The Society’s Director of Internet Services, Bartosz Kozlowski, MGSI (right) has uploaded a Members Only Area (MOA) to the Society’s website. However, it appears that many members have experienced difficulties in registering for entry to the MOA. Therefore, Bartosz has altered the registration requirements to have the ‘user name’ the same as the member’s e-mail address and the password to be one generated by the member concerned. He hopes that this will simplify matters and allow for an early beneficial use of the MOA facilitate by members. The Board has appointed Sharon Bofin, MGSI as the Moderator of the MOA at its meeting on June 4th. Therefore, as advised last moth, the MOA will be operative by the end of June. The MOA will enable members to assist each other with research problems and to exchange tips on sources etc. Another feature of the website that Bartosz is keenly endeavouring to expand is the numbers of on-line articles by members. Working in conjunction with the Director of Archive Services, Séamus O’Reilly, MGSI, Bartosz hopes to include a catalogue of the archival collections held by the Society. This will greatly assist members wishing to access these records and publications. In the meantime, Bartosz welcomes comments and suggestions on the design, layout and content of the website. Please contact Bartosz by e-mail on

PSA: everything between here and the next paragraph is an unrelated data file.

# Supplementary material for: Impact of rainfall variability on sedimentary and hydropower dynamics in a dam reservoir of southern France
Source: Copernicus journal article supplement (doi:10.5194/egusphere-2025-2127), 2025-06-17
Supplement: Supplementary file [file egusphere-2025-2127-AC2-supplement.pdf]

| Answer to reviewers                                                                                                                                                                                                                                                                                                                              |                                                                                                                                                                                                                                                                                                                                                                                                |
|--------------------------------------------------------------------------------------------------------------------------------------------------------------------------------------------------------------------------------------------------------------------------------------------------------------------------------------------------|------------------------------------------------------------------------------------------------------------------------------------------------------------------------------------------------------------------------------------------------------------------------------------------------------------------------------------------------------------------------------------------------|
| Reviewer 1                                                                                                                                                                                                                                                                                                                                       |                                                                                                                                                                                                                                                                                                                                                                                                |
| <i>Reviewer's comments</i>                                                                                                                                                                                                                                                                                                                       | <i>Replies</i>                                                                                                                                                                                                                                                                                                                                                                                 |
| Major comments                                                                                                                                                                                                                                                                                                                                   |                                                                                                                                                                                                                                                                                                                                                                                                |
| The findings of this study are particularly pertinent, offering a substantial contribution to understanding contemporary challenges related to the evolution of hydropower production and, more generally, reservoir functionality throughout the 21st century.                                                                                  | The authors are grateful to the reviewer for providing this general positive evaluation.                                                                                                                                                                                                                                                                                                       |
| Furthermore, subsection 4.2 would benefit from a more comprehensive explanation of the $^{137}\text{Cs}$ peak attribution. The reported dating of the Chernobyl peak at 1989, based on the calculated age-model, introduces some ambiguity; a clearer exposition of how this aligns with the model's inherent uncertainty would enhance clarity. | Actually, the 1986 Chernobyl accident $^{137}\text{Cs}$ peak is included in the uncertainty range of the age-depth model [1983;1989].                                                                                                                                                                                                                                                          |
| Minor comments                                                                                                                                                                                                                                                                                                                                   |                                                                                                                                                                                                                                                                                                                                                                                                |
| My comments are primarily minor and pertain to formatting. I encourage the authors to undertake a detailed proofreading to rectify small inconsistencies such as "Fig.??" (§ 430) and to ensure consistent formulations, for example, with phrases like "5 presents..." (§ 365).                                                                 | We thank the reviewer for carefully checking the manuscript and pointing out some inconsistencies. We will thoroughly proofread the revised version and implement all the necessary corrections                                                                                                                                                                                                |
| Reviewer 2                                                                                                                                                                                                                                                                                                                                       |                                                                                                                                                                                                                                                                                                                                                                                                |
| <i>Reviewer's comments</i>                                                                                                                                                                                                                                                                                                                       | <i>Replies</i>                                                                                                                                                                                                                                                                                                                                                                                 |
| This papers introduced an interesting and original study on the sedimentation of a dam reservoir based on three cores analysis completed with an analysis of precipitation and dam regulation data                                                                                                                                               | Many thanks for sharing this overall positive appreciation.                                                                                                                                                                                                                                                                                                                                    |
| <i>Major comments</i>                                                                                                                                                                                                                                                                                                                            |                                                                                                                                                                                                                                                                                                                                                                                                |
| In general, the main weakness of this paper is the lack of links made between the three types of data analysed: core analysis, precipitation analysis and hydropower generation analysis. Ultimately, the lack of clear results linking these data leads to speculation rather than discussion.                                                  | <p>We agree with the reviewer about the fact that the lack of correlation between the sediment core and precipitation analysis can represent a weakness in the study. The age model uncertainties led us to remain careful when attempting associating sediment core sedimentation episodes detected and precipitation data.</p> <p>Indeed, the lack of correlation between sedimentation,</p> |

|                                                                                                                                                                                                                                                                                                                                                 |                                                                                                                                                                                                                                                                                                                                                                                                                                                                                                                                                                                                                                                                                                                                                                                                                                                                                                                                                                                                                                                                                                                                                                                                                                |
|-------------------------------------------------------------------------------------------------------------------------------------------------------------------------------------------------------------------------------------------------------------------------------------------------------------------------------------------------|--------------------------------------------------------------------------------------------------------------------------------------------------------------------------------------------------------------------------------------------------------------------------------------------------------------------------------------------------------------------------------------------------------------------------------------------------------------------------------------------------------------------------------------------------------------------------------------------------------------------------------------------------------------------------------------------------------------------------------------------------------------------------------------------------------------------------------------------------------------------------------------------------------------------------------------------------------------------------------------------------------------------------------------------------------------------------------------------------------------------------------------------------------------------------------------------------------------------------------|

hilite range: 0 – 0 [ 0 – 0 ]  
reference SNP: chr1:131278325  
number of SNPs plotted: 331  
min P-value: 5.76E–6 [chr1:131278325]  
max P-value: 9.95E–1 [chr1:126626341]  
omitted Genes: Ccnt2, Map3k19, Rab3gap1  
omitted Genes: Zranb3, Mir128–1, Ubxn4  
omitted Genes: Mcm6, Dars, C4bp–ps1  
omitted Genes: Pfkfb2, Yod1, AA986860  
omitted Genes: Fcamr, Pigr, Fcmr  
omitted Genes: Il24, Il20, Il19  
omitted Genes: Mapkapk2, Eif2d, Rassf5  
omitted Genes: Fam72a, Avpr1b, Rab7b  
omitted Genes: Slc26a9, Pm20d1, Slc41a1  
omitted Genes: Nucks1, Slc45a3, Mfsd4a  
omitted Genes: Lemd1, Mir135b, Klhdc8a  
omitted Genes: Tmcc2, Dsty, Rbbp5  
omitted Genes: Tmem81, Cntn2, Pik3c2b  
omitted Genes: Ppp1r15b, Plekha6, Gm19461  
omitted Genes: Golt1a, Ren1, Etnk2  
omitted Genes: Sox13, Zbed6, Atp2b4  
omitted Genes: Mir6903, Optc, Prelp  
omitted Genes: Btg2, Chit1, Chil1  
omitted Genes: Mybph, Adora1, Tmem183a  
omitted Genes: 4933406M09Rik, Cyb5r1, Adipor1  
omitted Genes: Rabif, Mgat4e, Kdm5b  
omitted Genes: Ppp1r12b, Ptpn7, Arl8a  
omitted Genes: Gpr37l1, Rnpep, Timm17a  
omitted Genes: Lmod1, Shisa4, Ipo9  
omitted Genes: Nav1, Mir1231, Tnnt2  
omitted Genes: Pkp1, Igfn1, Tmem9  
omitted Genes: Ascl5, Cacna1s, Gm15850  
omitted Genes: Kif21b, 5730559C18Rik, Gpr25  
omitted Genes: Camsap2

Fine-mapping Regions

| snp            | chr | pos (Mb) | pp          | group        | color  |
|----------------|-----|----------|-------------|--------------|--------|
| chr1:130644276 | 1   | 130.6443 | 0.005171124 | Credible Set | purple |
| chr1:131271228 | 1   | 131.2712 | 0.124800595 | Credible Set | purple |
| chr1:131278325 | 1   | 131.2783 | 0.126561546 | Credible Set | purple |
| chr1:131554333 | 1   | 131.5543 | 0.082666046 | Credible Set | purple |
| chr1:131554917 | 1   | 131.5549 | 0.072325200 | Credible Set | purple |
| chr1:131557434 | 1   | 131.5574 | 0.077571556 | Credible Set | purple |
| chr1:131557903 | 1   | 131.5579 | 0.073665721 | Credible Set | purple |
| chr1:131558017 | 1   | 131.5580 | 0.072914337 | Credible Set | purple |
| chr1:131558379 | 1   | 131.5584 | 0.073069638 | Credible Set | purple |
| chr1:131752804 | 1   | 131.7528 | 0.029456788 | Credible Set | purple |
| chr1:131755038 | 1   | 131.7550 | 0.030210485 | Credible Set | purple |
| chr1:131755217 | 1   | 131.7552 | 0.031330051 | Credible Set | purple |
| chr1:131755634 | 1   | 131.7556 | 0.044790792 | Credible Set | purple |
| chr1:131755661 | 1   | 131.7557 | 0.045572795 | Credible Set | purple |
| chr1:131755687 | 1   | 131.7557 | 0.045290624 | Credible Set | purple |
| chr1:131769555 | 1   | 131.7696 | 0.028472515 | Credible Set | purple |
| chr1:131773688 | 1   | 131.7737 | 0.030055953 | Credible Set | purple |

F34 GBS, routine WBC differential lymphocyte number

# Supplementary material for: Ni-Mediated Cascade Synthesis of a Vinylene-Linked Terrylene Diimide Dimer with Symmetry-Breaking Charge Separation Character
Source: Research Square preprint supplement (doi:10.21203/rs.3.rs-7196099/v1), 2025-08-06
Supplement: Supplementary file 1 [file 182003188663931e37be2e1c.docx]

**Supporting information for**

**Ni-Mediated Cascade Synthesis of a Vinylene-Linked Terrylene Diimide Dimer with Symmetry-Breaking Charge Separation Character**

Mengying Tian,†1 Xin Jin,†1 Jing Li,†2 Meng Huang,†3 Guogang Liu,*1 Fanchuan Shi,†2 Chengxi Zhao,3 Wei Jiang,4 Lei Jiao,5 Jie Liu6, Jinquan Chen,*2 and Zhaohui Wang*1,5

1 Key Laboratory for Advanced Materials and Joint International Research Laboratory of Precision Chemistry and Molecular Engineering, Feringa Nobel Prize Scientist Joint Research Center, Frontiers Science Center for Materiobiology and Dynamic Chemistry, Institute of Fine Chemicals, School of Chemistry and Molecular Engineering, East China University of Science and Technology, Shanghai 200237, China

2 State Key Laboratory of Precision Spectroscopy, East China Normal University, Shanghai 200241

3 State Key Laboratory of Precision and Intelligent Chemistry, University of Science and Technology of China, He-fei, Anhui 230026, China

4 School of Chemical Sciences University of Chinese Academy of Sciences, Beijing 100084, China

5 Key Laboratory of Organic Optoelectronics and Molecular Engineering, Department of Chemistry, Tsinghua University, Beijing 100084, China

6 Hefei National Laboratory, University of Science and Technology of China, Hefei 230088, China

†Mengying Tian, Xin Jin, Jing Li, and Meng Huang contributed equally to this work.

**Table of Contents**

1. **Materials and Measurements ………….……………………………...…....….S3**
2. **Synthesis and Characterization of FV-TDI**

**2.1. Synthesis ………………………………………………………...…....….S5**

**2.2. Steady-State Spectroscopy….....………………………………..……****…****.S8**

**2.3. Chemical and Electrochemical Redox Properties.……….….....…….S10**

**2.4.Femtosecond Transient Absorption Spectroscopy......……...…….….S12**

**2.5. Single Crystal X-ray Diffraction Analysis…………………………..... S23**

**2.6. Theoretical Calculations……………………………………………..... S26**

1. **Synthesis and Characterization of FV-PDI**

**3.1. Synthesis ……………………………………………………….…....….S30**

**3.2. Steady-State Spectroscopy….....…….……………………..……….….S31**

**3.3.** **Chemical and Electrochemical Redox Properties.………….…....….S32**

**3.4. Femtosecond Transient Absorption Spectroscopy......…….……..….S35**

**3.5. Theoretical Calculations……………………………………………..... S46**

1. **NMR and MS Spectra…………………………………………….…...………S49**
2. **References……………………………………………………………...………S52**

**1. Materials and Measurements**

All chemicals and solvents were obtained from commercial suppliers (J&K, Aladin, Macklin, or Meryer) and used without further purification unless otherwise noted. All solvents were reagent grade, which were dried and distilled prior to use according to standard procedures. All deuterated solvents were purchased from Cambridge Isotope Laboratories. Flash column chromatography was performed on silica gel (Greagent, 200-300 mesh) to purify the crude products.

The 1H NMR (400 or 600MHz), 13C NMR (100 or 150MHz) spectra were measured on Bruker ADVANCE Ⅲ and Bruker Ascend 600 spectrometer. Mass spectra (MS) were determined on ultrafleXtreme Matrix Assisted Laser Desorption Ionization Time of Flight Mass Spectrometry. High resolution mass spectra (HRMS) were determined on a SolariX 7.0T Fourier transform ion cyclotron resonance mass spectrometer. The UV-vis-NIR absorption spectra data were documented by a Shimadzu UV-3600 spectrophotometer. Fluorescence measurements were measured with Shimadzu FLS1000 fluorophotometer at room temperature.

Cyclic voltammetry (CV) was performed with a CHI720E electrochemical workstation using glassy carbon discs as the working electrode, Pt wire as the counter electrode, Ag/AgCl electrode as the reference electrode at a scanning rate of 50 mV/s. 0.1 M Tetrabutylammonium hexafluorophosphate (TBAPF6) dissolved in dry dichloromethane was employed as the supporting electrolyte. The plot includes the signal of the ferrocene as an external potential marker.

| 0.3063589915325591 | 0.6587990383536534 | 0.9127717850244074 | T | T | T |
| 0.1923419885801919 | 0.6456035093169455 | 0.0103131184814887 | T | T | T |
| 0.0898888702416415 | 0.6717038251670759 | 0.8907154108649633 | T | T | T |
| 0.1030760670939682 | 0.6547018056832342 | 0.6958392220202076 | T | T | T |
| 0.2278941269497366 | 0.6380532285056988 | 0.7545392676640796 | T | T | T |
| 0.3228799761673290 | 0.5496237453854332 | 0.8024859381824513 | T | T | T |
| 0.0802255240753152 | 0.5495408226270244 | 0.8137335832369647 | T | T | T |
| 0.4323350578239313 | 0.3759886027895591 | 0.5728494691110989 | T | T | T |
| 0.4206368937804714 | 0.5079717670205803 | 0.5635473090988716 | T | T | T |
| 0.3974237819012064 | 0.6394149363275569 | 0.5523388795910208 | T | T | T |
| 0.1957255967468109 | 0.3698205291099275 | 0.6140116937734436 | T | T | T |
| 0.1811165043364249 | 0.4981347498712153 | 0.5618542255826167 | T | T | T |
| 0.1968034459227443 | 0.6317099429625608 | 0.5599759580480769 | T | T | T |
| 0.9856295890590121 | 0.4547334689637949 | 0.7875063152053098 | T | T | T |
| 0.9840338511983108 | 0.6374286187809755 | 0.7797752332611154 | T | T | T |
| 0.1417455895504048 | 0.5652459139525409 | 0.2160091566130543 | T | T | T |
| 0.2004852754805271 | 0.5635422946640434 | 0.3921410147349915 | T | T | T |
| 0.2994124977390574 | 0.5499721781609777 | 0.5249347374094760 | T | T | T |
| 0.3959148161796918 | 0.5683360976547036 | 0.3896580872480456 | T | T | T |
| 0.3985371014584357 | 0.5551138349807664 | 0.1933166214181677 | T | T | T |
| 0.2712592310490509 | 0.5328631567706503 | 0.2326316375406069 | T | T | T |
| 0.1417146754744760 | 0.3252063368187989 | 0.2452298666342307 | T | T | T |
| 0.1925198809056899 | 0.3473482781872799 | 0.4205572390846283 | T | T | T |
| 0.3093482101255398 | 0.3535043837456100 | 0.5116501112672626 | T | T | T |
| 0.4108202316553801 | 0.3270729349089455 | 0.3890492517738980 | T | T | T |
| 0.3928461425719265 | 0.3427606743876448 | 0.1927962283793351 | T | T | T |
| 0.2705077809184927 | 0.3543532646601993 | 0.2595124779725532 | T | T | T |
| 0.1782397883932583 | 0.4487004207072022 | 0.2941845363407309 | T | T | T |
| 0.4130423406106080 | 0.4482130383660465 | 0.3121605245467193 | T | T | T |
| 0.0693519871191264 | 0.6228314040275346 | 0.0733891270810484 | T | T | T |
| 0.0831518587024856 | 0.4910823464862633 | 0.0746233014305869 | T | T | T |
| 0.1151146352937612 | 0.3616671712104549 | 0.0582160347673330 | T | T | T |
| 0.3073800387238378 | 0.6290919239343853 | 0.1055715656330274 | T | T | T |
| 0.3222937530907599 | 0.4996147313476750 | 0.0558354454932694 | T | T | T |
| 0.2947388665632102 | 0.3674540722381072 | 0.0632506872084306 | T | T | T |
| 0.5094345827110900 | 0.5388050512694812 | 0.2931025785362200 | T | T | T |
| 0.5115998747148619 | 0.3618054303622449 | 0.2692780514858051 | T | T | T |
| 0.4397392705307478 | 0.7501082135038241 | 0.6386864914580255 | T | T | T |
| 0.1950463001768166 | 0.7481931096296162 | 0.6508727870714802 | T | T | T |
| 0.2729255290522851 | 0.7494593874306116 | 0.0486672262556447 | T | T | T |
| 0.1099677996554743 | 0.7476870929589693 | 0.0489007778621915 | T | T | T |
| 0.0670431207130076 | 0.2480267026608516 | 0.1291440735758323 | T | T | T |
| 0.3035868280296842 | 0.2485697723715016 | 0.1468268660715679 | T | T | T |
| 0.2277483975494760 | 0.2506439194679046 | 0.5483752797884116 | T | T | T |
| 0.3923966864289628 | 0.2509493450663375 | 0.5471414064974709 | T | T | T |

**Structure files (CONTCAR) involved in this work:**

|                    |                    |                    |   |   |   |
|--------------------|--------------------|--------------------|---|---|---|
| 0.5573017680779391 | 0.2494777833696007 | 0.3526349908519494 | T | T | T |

The Society’s Director of Archival Services, Séamus O’Reilly, MGSI, is seeking volunteers to assist with the cataloguing of the collections held at 111, Lower George’s Street, Dún Laoghaire, Co. Dublin—almost diagonally across from the Dún Laoghaire Public Library. There are several collections, including the manuscripts, that require sorting and cataloguing. Volunteers may either contact Séamus by e-mail on in advance of visiting the Archive or simply meet him at the above address on Mondays between 10.30hrs and 16.30hrs (with the exception of Bank Holidays). Whilst, Séamus also facilitates members wishing to access items within the collections for their own research, he would welcome copies of birth briefs and family histories for the Archive.

Monthly Newsletter of the Genealogical Society of Ireland